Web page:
The bathroom situation at this café, was one that made us try to avoid it as much as possible. This was a very difficult thing to do, since we spent five or six hours there and consumed quite a few Sangria pitchers which went down like they were the elixirs of the gods. Each time one of us had to go, we literally wouldn’t see them for 20 minutes, as that was how long the line was. So, we all ended up finding our ways to the bushes and then laughing about our escapades at discretion and simultaneous relief afterwards.

It got to the point where we were the last ones there, by a long shot, the staff was cleaning up and putting away chairs. My fellow, Stan, asked if they wanted us to leave, and the staff politely said,“Yes, that would be great.” I guess we can take a hint, albeit after awhile.

So, the four of us stood up and made our way to a restaurant that was located on a small cobblestone sidewalk behind our hostel. This restaurant held an esteemed place in Stan’s heart and tummy as he had discovered it the year before on a trip to Lisbon for the first time. He had been raving about it ever since we booked out tickets, almost as much as any particular sight.

How much does he love this place? We’d eaten there the night before, our first evening in town, and here we were again on our second night. Relaxed and decompressed, ready for more. More what you say? Why did we come to this fine establishment for the second night in a row?It was the chickens spinning on a rotisserie, over a charcoal fire, slathered with salt, lemons, butter and a Portuguese hot sauce called Piri Piri.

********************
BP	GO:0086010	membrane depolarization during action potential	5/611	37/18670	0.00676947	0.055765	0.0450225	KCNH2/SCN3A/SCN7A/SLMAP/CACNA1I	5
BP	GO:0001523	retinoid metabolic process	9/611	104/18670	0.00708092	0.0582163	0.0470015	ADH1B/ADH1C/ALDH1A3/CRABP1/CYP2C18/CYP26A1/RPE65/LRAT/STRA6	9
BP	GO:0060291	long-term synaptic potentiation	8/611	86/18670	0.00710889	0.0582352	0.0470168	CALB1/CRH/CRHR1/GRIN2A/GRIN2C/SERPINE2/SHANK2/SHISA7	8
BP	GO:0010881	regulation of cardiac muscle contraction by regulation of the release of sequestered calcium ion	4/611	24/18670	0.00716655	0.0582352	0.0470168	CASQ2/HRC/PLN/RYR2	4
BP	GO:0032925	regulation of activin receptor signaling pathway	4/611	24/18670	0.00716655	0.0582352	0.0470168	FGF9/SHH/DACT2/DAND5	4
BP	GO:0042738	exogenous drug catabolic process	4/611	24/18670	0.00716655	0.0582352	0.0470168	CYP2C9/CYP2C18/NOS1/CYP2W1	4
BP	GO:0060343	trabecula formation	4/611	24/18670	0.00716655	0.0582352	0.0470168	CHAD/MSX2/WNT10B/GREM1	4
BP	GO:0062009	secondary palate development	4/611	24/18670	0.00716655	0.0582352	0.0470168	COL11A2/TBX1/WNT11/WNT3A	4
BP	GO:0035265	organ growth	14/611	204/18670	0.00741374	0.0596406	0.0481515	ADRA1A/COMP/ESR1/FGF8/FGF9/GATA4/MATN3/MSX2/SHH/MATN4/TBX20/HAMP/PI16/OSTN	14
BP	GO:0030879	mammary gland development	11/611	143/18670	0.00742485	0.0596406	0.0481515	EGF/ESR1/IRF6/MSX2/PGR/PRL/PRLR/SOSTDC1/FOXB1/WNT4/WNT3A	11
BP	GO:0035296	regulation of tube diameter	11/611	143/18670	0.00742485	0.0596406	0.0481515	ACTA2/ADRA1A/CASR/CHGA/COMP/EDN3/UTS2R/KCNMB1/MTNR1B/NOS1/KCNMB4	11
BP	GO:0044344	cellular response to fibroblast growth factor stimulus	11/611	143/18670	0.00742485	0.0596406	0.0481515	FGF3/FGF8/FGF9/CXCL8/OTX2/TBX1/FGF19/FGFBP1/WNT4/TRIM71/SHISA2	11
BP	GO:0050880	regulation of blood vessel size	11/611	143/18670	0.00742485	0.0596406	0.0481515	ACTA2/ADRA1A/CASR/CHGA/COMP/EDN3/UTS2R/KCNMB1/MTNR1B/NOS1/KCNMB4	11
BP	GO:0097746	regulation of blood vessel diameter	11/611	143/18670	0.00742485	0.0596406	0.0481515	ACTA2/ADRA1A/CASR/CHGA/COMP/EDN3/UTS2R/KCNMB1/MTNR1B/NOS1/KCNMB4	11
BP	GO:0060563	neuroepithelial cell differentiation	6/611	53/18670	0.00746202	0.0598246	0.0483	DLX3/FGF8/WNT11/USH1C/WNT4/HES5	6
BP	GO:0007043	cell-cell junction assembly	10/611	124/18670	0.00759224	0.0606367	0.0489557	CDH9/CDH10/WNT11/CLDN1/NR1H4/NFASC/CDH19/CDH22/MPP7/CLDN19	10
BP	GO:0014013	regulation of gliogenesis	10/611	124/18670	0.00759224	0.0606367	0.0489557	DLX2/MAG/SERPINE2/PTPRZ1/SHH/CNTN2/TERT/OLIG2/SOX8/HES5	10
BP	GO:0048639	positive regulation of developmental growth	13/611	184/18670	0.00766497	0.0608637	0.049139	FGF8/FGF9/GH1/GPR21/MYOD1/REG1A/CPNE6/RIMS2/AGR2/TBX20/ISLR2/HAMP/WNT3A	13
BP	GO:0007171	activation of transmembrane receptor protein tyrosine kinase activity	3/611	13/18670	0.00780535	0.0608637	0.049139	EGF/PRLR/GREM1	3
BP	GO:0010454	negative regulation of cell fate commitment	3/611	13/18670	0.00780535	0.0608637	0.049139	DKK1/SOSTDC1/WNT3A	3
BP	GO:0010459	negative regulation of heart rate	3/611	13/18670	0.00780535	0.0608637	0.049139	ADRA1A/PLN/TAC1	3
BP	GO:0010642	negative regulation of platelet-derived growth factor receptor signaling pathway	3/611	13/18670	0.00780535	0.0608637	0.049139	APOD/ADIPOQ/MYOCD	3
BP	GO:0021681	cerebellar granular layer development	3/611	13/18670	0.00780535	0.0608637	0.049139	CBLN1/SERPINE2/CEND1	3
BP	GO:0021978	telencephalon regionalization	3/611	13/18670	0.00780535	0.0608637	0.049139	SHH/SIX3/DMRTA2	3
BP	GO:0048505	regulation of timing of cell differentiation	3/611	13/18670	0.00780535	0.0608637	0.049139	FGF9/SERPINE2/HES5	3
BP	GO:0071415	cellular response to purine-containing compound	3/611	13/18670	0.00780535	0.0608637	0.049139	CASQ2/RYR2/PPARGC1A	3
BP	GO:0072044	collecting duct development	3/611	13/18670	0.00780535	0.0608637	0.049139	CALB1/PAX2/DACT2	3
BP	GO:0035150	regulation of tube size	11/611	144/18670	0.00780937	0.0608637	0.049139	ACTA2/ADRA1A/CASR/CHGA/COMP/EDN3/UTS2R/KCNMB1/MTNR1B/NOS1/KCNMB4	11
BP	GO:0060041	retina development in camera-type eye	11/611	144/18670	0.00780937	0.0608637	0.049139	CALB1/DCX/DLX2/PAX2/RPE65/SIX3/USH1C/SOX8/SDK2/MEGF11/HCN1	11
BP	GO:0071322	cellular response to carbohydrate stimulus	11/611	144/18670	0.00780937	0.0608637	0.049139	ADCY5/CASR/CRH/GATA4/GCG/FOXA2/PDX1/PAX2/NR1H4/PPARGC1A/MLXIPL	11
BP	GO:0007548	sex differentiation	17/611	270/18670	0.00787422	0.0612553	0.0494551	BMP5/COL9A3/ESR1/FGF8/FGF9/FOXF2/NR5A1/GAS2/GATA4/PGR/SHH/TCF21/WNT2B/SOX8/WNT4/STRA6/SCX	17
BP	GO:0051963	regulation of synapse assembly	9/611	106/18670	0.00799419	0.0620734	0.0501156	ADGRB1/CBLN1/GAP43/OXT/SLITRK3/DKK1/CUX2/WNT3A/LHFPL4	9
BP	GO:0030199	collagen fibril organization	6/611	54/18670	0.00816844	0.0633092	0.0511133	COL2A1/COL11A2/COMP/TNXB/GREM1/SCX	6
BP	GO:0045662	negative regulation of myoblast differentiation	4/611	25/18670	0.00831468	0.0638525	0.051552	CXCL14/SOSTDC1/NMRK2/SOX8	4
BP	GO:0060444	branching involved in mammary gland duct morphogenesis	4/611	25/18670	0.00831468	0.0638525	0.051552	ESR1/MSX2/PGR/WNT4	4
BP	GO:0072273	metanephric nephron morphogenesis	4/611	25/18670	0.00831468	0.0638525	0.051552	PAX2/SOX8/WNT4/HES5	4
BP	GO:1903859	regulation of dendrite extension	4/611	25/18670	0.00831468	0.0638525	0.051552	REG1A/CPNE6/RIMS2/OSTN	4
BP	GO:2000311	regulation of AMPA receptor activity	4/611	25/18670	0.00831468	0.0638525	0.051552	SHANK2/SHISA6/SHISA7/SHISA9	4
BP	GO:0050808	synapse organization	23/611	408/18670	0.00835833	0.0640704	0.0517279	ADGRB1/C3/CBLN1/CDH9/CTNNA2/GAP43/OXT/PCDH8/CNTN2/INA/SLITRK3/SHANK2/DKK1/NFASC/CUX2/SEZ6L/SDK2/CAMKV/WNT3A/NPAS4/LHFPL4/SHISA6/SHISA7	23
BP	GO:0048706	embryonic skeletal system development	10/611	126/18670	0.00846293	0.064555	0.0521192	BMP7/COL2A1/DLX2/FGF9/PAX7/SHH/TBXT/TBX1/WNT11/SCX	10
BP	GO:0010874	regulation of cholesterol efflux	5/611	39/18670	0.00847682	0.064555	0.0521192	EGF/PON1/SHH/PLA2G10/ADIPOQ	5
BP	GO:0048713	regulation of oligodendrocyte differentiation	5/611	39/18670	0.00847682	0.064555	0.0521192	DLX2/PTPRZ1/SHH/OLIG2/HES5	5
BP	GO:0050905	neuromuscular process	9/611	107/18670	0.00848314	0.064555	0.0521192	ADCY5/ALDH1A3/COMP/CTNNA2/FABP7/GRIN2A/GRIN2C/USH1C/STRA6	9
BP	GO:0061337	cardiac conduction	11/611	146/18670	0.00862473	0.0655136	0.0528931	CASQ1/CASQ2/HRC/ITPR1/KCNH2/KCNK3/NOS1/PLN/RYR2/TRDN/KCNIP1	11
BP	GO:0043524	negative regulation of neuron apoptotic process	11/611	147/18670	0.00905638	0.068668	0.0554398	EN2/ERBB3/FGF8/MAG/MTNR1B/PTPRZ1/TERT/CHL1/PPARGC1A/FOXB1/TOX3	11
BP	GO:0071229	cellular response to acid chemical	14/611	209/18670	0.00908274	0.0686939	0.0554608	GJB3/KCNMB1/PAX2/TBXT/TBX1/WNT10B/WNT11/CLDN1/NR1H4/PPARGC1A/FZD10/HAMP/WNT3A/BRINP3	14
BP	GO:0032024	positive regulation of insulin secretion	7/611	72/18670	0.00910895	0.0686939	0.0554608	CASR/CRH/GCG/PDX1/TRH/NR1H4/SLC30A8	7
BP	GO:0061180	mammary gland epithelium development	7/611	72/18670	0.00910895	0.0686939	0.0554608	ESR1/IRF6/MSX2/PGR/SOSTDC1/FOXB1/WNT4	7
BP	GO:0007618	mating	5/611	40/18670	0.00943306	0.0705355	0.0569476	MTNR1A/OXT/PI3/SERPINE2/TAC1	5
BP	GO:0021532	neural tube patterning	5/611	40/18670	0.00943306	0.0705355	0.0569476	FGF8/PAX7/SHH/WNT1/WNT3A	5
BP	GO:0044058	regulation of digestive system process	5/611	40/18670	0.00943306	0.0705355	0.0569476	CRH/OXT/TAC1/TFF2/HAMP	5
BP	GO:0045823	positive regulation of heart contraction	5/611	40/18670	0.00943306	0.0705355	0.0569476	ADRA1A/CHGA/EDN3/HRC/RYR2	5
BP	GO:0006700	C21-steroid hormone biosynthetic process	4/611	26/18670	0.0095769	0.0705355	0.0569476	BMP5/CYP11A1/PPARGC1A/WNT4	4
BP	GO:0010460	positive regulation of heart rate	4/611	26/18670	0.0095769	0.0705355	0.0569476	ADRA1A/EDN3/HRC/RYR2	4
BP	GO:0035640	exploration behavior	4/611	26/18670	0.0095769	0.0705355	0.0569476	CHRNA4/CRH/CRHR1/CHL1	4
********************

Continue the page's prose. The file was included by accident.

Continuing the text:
Both the restaurant manager and the Grill Master (Stan made me capitalize his nickname out of reverence) recognized my man from his visit the year before, which has to say something considering how many faces they see in a year. The Grill Master has been working the hot charcoal bin for 25 years – thus our use of the word master. Whole roasted chickens are taken off the grill, glazed multiple times,doused in their homemade Piri Piri concoction, plopped on a plate and sent to customer’s tables.

Then, we are given more Piri Piri sauce in a small clay cup, with a little brush for dipping into the cup and slathering to our hearts content. Not only is the chicken cooked perfectly, it is mouth-wateringly delicious. Getting to deconstruct a chicken by hand or with a fork and knife is a ritual in itself, as is brushing Piri Piri onto the succulent, all natural meat on our plate. How could we not bring our new friends there to enjoy the experience as well?Glasses filled with wine and raised, we saluted both our new friendship and our good fortunes for such a wonderful day in another land.There was not a doubt in our minds that we’d all meet again somewhere, someday.

There were so many other amazing, surprising, enthralling, funny and interesting experiences we had in Lisbon. But this particular day is my fondest memory. It had everything I adore about travel: splendid scenery, relaxed atmosphere, eclectic people, tasty drinks, soothing sunshine, vivacious conversation and fabulous food. For this one particular day, life was divine.

Below is a gift for you my readers, give it a try – you will love it! Happy slathering. 

Piri Piri Sauce Recipe

2 tbs olive oil
1 red bell pepper
½ onion
3 fresh red chilies
3 garlic cloves
1 tbs sweet smoked paprika
2 tbs red wine vinegar
1 tbs lemon juice
¼ cup water

By | 2017-07-14T21:22:26+00:00 July 3rd, 2017|Written articles|2 Comments

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  1. Susan Yoss July 21, 2017 at 1:30 pm - Reply

    Makes me want to spend more time in Lisbon!

    • htcmind September 26, 2017 at 12:32 am - Reply

      thank you for your comment! We appreciate it very much. -How Travel Changed Me team